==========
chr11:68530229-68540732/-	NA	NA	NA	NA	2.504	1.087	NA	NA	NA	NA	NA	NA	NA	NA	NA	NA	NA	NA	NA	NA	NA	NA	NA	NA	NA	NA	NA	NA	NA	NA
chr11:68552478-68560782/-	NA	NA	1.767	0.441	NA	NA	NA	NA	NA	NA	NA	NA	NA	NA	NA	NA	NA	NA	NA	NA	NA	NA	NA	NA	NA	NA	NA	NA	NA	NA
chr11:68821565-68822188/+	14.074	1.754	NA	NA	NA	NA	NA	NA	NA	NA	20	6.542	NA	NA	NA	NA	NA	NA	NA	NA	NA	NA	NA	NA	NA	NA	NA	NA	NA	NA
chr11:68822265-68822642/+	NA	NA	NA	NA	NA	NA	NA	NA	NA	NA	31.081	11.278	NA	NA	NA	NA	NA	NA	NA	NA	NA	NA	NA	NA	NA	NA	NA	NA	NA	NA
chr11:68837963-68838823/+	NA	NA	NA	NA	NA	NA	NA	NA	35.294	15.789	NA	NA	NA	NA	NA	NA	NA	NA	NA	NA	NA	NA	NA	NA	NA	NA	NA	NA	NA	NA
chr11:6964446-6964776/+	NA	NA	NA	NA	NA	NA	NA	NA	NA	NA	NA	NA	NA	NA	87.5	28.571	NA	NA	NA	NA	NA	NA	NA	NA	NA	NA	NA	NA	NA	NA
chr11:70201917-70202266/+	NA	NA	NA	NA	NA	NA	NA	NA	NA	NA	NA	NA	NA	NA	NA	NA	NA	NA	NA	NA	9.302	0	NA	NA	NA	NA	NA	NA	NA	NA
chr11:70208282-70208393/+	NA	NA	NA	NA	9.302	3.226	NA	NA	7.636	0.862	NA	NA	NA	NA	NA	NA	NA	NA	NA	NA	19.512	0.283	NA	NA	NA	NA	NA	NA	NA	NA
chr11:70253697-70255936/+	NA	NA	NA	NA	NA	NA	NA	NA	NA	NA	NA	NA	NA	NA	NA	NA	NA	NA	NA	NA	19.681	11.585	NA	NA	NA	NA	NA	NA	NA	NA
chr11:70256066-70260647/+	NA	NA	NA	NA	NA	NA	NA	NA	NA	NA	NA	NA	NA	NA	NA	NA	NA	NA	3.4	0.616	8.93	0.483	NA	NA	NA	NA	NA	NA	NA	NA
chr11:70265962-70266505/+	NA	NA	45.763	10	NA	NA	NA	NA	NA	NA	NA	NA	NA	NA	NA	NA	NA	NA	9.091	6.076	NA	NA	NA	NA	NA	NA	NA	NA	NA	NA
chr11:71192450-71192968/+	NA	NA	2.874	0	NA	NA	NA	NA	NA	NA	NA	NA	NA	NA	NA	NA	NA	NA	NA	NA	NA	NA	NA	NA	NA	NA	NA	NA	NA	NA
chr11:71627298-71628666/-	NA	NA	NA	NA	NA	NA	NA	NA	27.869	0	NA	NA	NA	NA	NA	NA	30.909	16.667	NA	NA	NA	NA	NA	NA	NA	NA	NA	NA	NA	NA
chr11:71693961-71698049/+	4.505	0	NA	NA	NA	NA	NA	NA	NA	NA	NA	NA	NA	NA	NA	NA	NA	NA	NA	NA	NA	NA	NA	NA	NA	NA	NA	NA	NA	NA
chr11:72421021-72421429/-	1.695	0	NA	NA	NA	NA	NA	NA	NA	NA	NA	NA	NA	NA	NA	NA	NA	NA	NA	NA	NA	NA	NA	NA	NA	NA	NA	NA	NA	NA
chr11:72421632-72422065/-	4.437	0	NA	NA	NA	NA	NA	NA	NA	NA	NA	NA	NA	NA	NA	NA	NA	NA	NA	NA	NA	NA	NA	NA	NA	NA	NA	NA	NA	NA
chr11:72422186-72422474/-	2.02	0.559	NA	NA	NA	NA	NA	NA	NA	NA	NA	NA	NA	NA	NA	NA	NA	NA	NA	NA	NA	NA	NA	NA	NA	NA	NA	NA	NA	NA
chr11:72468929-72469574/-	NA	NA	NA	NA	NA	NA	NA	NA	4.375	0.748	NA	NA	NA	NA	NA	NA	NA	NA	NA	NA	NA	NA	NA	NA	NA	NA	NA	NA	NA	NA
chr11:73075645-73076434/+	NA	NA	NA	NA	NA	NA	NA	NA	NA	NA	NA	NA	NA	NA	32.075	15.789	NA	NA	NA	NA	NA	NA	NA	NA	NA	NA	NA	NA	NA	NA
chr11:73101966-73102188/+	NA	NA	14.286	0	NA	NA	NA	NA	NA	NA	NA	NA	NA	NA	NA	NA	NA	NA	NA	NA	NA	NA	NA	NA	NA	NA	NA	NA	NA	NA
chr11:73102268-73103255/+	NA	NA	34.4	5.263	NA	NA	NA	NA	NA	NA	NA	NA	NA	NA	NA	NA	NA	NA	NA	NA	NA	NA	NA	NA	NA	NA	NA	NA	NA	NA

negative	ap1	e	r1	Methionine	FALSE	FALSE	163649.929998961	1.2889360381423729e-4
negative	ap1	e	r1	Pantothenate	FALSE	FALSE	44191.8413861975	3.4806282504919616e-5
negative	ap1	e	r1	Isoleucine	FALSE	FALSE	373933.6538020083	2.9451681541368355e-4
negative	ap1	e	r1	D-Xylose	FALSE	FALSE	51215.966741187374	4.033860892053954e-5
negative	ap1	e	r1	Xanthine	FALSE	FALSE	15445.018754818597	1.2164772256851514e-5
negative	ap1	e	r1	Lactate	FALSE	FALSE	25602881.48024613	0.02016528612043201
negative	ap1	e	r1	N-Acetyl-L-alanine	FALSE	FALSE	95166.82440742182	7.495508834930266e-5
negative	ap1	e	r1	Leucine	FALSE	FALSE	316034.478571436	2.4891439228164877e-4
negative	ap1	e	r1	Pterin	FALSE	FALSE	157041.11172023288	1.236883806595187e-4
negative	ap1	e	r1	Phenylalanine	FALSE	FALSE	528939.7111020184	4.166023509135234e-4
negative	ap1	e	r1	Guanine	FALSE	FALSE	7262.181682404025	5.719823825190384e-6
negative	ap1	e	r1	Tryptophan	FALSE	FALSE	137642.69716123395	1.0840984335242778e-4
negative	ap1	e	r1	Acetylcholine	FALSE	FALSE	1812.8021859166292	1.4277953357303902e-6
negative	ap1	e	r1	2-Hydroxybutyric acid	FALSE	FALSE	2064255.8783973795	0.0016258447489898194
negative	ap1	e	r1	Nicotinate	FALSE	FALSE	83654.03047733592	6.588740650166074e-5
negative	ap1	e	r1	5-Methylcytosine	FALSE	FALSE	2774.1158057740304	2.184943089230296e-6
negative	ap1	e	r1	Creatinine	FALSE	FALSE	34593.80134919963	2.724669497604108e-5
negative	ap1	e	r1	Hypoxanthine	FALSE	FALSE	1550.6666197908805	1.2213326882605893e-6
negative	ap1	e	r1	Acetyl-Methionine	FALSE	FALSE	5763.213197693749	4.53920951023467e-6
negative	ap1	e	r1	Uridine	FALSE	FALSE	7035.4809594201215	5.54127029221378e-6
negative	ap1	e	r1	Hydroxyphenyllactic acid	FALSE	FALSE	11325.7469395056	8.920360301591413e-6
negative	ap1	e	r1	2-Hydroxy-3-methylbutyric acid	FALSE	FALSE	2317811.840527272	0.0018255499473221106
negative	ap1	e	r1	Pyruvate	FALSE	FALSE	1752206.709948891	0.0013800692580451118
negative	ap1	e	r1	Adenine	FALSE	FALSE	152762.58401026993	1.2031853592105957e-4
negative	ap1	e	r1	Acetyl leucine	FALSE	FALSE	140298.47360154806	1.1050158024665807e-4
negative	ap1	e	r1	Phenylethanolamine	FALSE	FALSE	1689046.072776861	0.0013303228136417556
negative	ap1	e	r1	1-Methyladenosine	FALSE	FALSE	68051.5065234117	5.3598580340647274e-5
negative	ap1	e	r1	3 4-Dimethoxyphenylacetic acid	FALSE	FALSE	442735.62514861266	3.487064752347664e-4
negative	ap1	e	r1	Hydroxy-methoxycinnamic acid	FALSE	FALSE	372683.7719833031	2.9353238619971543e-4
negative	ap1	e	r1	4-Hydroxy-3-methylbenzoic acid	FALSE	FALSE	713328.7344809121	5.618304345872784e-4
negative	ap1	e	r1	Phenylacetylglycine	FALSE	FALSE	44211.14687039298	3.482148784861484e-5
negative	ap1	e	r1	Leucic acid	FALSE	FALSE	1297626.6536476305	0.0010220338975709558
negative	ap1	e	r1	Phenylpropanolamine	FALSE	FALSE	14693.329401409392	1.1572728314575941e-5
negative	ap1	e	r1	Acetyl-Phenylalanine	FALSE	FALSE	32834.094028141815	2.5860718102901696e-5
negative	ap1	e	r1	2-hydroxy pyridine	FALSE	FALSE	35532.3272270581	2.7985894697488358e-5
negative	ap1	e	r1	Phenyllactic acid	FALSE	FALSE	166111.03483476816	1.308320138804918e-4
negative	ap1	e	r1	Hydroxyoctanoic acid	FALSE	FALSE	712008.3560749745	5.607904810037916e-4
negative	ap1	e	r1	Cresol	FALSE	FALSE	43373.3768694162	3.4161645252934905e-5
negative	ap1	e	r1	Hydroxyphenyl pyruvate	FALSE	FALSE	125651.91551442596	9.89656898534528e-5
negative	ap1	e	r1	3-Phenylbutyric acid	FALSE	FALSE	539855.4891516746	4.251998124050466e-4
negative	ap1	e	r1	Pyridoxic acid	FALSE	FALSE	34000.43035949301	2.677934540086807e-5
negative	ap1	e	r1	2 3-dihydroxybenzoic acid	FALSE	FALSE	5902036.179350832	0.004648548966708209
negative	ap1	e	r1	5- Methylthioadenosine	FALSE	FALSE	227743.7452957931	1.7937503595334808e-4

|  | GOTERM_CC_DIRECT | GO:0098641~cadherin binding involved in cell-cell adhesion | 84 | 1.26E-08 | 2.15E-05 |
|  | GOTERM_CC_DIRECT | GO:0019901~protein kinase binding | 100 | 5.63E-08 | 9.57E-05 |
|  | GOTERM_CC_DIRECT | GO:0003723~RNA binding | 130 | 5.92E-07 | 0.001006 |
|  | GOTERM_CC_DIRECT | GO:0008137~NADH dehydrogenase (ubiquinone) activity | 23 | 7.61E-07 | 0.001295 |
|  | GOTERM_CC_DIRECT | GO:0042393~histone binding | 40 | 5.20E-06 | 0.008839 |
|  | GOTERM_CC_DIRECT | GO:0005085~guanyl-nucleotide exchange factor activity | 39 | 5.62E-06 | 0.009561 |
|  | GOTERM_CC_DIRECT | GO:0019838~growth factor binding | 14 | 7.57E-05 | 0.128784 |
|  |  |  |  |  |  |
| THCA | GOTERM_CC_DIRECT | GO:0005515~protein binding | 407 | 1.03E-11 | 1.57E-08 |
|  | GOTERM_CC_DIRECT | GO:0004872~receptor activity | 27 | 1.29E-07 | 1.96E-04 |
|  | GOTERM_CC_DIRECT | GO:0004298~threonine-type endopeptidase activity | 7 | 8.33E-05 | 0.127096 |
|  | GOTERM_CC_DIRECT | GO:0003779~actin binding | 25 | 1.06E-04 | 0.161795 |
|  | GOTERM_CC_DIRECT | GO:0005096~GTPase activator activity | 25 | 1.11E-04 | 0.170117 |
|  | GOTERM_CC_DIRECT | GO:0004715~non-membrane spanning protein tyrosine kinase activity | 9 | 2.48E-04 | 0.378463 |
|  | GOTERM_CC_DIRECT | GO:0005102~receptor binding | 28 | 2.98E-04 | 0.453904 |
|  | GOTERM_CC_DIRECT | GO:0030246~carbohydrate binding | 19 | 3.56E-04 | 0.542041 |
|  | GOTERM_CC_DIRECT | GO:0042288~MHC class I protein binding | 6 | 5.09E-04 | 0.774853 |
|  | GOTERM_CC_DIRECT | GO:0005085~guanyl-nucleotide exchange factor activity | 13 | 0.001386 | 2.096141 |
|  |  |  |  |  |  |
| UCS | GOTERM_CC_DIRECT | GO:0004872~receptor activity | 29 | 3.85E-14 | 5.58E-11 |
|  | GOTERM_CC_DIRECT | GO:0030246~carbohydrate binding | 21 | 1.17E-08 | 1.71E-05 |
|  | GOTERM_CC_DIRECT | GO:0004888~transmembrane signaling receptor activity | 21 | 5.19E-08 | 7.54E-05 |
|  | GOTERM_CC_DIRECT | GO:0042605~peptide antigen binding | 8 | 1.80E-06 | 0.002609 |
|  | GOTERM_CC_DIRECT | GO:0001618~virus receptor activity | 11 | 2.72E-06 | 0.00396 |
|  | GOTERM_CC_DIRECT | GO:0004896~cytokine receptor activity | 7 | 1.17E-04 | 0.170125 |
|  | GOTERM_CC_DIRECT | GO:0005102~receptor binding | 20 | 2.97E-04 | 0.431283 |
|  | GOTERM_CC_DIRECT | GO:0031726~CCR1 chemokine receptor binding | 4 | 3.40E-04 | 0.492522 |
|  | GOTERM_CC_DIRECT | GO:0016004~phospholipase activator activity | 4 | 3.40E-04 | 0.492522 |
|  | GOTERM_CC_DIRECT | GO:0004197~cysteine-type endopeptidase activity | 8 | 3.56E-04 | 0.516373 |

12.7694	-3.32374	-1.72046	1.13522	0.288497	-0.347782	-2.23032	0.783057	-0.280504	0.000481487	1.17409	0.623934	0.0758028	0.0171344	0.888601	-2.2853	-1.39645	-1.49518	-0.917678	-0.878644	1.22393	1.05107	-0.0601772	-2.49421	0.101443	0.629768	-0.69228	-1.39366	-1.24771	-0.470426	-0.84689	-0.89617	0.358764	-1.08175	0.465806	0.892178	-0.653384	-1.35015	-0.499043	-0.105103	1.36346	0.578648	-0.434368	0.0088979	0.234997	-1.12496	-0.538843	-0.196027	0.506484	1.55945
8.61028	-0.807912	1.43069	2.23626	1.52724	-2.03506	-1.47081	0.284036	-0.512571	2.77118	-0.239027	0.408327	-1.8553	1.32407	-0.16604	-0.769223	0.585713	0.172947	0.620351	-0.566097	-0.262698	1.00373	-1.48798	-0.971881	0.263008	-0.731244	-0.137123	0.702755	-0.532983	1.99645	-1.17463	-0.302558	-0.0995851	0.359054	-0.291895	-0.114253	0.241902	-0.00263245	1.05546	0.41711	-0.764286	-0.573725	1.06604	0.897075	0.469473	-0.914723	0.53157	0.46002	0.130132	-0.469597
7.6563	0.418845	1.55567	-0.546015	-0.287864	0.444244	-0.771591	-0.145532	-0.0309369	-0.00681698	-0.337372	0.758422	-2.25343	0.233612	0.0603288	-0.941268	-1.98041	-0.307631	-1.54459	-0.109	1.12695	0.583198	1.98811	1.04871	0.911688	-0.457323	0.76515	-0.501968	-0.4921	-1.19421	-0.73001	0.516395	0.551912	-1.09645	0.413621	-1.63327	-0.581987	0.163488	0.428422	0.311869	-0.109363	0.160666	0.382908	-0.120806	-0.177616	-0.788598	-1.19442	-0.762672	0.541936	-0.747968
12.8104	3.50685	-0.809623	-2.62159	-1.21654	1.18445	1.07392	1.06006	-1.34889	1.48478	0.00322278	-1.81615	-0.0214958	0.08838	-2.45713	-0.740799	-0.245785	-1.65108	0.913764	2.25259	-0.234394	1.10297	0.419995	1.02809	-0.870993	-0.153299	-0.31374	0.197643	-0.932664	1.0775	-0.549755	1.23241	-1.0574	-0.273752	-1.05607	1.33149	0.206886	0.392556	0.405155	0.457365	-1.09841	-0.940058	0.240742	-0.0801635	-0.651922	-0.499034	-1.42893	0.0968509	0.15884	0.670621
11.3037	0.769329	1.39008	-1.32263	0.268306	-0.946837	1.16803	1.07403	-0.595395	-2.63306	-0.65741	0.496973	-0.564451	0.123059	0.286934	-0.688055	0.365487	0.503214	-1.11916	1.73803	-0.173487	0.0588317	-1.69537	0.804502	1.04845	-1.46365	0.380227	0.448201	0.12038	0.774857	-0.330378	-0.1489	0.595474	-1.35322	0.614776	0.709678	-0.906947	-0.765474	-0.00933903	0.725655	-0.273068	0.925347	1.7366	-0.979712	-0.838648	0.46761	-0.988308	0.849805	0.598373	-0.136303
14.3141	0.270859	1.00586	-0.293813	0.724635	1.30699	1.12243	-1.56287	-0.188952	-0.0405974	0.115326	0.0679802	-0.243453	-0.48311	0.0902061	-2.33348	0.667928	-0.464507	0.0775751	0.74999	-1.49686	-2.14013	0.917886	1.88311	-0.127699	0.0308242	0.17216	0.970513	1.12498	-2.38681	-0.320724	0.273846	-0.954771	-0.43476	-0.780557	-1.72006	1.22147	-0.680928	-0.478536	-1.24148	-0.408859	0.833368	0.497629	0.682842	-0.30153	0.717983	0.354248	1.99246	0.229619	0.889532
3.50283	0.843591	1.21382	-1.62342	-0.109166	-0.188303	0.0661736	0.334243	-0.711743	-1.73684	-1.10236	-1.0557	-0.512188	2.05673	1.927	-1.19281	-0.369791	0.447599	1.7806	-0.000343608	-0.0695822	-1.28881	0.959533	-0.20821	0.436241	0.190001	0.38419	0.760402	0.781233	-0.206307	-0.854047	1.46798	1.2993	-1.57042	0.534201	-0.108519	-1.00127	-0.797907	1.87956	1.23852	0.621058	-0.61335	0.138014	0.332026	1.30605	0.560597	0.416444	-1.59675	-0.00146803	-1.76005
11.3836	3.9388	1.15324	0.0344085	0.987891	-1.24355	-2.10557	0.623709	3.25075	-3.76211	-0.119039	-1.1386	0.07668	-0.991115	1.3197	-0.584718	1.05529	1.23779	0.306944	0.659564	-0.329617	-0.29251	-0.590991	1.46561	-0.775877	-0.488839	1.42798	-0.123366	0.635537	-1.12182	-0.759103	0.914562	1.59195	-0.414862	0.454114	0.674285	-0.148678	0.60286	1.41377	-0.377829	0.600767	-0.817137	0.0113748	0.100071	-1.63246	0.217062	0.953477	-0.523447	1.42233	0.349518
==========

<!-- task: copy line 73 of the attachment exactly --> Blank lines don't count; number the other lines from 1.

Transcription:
| THCA | GOTERM_CC_DIRECT | GO:0005515~protein binding | 407 | 1.03E-11 | 1.57E-08 |